What is Biological control?

Biological control is the intentional use of host specific natural enemies (predators, parasitoids, and pathogens) by humans to suppress population growth of noxious plants and animals to levels which are no longer damaging. Many of our current agricultural pest problems are amenable to biological control, and when successful, natural enemies provide enduring, environmentally benign, pest control. Biological control is also being used in conservation efforts to restore natural areas invaded by exotic organisms, especially weeds. The emphasis of my work is to identify pest problems where biological control could be successful, locate and release natural enemies, and then evaluate natural enemy impact on pest population growth. 



Hoddle Lab Members


Mark Hoddle

Mark S. Hoddle, Ph.D.

Biological Control Specialist and Principal Investigator 

Dr. Hoddle has headed the research in this laboratory since 1997 and is primarily involved in the identification of pest problems wf biological control could be a successful approach. The location, release and evaluation of natural enemy impacts on population growth features strongly in his research. The evaluation of biological control agents are conducted primarily in the field and, when necessary, aspects of both pest and natural enemy biology and behavior are studied in the laboratory.


Nicola A. Irvin, Ph.D.

Biological Control Specialist and Research Scholar

Dr. Irvin joined the Hoddle laboratory in 2001 as a post doctoral scholar. Dr Irvin has had a heavy focus on researching the glassy-winged sharpshooter, Homalodisca vitripennis (Germar), and its Mymarid wasp biological control agentsGonatocerus ashmeadiG. fasciatusG. triguttatus, and G. tuberculifemur. Currently,  Dr. Irvin is collaborating with Dr. Milosavljević on research investigating whether insectary plants (used to augment populations of natural enemies) and biodegradable hydrogel bead baits (for control of Argentine ants) can enhance natural enemy abundance and increase biological control of citrus pests. 

Ivan Milosavljevic

Ivan Milosavljević, Ph.D

Supervisory Project Scientist

Dr. Milosavljević joined the Hoddle laboratory in 2016 as a postdoctoral researcher. Dr. Milosavljević has had a heavy focus on: 1) researching the Asian citrus psyllid (Diaphorinacitri), and its primary wasp biological control agents Diaphorencyrtusaligarhensis and Tamarixia radiata; 2) developing detection and control programs for invasive palm weevils (Rhynchophorus palmarum); and 3) mitigating export risks associated with the quarantine thrips (Caliothrips fasciatus). His previous work examined the incidence, risk factors and strategies for management of elaterid soil pests in cereal crops.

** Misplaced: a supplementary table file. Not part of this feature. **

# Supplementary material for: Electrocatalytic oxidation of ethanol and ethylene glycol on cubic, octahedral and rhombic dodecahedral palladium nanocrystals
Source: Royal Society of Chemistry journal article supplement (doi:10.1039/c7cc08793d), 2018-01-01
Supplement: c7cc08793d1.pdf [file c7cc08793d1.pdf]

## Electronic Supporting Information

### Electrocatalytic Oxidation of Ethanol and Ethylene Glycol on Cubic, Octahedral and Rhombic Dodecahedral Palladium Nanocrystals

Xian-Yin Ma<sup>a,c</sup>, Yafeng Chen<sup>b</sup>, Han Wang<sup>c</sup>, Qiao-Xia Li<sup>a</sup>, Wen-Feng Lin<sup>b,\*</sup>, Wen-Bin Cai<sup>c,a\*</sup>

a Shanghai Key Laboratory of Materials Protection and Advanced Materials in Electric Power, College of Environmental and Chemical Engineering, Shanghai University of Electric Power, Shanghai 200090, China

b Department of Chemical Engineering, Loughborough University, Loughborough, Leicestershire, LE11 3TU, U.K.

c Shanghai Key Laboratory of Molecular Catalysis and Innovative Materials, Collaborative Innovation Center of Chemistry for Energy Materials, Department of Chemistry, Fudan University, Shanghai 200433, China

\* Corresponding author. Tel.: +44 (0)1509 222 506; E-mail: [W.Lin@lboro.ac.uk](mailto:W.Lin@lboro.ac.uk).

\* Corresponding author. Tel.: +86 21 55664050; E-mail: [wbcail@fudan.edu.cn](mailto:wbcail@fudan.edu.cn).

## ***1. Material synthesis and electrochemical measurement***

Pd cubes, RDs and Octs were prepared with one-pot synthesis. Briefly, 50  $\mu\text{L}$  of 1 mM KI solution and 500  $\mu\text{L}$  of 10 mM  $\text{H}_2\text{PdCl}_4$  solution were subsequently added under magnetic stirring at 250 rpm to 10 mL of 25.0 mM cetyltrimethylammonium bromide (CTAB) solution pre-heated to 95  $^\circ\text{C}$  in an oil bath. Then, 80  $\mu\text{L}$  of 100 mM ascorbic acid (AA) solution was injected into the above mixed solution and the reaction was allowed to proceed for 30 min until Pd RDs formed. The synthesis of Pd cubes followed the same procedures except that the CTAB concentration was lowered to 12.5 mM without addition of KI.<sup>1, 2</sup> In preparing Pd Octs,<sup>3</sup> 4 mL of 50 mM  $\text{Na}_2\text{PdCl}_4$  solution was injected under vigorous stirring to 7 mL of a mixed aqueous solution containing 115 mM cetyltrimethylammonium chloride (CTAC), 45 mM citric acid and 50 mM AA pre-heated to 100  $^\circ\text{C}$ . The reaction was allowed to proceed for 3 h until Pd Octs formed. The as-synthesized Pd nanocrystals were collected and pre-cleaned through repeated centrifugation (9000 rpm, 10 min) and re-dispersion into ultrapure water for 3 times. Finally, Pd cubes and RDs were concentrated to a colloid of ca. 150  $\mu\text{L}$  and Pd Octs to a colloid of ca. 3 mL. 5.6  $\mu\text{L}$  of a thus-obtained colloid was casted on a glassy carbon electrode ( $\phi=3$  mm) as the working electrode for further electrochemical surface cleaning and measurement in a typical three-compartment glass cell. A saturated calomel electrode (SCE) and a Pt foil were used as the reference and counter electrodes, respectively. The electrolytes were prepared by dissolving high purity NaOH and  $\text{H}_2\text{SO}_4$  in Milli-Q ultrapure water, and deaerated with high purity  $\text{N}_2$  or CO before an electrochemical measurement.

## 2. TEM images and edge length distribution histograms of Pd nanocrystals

Dr. Milosavljević was promoted to Supervisory Project Scientist in 2020 and awarded a California Department of Pesticide Regulation (CDPR) grant to investigate whether insectary plants (used to augment populations of natural enemies) and biodegradable hydrogel bead baits (for control of Argentine ants, Linepithema humile) can enhance natural enemy abundance and increase biological control of citrus pests. Invasive ants eat honeydew excreted by sap sucking pests (aphids, scale, mealybugs, pysllids, etc) and protect these pests from being attacked by their natural enemies. Low-toxicity, soil applied biodegradable alginate hydrogel beads for ant control were developed by Hoddle Lab. This research will provide IPM-based tools for sustainable management of ants and sap sucking insects in citrus. Dr. Milosavljević is collaborating with Dr. Irvin on this project.


Francesc Gomez Marco

Francesc Gomez Marco, PhD

Postdoctoral Researcher

Dr. Gómez Marco joined the Hoddle laboratory as a Postdoctoral Researcher in June 2019. His previous research experience was on biological control programs and insect ecology on citrus pests principally. He has been working on the Proactive Biological Control Program for the Spotted Lanternfly (Lycorma delicatula) which has been sponsored by the Californian Department of Agriculture. The main objective of this project is to develop a biological control program with the parasitoid of the spotted lanternfly Anastatus orientalis and to test the non-target hosts of this parasitoid species on the West coast of USA.

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